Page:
Ending the World for 60 Years: 1953

The possibility of human extinction in End of the World sci-fi is sometimes paired with a consideration of our next evolutionary step – a concept that is less scientific than it sounds (evolution shouldn’t be considered in such linear terms), but one that does make an effective fictional tool for thinking about human impermanence.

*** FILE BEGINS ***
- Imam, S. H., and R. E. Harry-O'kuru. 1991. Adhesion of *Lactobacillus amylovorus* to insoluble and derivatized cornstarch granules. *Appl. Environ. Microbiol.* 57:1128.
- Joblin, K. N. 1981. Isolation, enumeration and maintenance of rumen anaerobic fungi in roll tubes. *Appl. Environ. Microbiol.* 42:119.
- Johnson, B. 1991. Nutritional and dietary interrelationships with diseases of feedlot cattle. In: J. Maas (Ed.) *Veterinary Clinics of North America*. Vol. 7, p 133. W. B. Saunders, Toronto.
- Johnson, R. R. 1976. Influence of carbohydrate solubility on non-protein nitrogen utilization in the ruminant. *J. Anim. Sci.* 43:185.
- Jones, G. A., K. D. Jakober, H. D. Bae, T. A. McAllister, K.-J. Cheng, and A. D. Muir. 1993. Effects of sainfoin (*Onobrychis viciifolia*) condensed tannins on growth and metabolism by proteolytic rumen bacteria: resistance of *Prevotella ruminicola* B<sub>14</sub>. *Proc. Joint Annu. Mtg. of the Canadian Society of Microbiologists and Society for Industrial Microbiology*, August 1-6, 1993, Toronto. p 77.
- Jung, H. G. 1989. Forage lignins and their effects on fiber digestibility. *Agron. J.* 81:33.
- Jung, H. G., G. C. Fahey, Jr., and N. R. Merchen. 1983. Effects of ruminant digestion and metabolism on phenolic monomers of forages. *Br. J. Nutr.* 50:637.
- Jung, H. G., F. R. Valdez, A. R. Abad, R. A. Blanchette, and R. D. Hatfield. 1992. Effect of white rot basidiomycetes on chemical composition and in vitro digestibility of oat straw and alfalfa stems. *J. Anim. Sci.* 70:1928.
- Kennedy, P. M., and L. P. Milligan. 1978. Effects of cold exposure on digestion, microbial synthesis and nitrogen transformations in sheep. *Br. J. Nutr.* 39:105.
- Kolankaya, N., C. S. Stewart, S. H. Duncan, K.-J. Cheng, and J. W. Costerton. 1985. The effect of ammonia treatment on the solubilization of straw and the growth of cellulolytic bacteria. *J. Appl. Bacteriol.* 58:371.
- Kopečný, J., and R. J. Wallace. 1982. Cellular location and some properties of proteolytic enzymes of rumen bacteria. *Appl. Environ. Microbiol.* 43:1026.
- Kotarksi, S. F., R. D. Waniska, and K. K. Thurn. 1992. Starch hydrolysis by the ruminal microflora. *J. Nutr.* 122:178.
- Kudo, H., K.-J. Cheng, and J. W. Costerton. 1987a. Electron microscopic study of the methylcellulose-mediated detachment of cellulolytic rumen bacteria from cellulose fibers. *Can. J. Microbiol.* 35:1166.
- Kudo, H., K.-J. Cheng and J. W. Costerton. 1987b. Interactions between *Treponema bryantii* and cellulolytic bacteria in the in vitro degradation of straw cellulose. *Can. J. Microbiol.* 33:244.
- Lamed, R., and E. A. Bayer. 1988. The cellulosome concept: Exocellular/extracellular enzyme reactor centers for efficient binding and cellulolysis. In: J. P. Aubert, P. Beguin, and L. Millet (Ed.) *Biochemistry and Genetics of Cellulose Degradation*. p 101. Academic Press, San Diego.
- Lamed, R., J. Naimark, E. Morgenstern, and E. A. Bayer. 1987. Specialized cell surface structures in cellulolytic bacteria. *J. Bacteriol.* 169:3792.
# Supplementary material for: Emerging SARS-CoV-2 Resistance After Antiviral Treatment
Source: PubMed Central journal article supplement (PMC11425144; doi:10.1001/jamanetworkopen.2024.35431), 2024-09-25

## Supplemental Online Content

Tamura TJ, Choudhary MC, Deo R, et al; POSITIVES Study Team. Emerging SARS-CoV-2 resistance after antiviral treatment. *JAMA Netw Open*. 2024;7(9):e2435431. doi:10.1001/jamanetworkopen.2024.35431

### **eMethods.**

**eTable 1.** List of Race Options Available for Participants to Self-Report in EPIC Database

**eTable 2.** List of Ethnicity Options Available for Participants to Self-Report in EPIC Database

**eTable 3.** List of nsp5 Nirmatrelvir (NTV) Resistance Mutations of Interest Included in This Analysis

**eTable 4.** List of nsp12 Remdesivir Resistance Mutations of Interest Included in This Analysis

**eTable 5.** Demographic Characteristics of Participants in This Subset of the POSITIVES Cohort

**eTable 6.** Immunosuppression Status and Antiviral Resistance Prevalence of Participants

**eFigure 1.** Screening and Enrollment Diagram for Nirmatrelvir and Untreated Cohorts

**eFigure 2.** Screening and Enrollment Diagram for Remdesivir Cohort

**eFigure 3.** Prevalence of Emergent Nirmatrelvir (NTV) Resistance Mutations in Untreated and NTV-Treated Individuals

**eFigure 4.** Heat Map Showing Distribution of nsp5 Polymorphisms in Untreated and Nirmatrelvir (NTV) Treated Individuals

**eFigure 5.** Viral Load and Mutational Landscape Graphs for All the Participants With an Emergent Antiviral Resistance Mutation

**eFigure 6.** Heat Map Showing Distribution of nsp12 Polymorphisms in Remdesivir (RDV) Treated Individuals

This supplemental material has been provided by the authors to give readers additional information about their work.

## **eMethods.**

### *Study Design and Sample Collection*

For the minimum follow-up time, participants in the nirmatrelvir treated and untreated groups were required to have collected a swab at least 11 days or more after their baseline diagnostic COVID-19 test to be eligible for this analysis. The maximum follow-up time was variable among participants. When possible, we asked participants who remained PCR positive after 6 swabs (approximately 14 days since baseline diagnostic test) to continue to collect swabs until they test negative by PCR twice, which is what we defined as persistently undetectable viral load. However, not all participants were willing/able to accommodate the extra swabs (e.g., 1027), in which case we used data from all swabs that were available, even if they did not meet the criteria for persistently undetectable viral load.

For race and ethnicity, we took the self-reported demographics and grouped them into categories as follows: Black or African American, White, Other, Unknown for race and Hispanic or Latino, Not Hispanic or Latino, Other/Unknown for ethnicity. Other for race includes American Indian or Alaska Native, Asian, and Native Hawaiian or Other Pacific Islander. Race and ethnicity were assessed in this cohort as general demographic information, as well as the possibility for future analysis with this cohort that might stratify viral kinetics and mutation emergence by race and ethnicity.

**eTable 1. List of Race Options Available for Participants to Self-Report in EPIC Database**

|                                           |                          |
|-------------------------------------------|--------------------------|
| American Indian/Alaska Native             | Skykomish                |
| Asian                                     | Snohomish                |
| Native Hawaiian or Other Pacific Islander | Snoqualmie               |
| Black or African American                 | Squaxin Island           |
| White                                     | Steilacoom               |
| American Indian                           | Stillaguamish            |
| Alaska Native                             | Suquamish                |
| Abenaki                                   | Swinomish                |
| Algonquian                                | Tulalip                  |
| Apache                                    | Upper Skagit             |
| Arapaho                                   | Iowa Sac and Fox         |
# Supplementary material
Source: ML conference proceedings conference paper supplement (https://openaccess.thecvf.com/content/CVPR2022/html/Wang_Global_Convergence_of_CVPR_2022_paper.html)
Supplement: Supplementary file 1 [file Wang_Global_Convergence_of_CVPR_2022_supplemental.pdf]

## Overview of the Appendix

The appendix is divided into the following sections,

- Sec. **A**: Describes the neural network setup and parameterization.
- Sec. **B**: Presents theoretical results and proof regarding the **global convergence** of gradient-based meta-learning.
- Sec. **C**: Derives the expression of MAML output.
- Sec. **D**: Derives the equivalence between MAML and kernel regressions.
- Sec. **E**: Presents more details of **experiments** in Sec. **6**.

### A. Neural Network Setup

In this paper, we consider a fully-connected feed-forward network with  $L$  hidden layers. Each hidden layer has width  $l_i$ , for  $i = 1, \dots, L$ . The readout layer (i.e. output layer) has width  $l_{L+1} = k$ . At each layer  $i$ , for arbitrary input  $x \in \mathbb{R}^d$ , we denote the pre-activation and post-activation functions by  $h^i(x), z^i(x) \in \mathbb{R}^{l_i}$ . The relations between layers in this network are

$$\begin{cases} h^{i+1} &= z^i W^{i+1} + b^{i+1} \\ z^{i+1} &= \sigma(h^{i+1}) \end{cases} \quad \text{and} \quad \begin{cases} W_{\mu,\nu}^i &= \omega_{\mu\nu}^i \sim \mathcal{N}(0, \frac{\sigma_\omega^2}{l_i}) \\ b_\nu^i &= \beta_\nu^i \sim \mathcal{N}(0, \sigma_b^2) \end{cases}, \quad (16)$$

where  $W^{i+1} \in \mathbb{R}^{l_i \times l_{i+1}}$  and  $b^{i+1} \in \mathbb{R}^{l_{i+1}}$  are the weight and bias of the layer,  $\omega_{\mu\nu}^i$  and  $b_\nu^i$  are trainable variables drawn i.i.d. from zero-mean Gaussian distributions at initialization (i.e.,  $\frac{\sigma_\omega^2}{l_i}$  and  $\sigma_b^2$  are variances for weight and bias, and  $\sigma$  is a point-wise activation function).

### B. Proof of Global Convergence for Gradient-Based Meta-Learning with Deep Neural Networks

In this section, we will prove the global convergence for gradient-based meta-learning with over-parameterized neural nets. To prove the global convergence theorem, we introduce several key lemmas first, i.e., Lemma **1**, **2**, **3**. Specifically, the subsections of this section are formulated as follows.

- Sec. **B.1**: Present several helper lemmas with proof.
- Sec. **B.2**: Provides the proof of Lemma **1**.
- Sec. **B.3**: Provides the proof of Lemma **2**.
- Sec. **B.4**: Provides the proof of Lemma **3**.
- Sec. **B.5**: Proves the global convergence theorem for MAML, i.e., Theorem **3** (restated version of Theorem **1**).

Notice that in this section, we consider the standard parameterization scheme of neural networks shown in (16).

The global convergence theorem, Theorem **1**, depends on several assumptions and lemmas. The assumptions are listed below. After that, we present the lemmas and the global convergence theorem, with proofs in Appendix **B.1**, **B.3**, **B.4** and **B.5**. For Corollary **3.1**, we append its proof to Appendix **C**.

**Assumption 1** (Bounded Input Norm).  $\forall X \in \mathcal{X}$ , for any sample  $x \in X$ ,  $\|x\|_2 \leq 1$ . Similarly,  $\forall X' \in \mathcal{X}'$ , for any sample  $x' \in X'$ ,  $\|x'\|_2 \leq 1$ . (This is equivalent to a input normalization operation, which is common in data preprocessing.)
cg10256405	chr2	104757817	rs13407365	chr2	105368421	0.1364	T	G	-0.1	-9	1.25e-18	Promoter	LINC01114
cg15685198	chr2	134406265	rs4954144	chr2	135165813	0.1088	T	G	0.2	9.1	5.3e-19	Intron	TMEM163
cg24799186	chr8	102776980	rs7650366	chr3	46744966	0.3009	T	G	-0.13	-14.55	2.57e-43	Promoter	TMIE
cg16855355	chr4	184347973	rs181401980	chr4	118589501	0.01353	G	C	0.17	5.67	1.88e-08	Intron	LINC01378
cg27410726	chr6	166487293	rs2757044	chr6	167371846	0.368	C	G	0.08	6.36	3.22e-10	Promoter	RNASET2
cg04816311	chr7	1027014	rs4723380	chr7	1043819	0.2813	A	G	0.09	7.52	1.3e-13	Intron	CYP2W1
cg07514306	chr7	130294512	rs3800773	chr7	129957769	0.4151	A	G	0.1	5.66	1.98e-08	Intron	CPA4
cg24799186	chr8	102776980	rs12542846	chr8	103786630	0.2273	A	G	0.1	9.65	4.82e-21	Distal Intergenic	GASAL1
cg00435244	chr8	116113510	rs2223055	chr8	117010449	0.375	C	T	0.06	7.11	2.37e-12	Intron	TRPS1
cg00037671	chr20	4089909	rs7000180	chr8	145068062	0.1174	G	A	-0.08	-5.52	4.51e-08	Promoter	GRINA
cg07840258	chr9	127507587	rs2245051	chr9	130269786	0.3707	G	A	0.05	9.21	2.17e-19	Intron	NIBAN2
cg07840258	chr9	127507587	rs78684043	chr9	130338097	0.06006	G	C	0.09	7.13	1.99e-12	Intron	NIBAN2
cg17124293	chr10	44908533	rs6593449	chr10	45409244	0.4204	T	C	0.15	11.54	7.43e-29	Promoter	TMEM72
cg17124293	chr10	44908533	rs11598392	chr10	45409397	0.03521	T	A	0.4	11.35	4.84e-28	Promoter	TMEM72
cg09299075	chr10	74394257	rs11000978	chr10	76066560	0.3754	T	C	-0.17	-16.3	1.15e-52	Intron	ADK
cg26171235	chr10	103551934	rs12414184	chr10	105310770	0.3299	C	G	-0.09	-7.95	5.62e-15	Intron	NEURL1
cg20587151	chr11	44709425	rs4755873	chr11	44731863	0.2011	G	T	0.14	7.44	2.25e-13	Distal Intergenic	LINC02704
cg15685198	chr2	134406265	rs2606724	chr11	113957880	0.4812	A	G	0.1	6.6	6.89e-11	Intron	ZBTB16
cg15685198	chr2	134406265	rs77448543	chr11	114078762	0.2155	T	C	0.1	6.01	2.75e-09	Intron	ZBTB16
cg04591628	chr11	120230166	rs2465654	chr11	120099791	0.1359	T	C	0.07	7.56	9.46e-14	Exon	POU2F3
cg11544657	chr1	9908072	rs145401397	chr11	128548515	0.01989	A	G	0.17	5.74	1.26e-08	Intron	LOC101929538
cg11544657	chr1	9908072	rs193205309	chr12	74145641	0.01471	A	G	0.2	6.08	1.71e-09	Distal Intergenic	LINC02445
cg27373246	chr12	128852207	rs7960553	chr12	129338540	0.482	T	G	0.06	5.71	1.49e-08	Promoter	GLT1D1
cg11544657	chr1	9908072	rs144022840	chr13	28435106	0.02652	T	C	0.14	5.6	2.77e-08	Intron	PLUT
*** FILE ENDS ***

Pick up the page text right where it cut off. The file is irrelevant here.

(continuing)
Arthur C. Clarke’s majestic Childhood’s End is about the end of Homo sapiens and evolutionary succession, in a sense. In this case the end of the human species doens’t occur as a result of nuclear annihilation or an asteroid stike, and our evolutionary successors don’t emerge from a struggling population of mutant survivors. The end here comes through a double transcendence. Our species leaves behind its childhood in a way that reveals our relationship to nature in its most universal form, and to science and rationality, which prove not only more powerful than our wildest imaginings, but also, paradoxically, small and limiting in the larger scheme.

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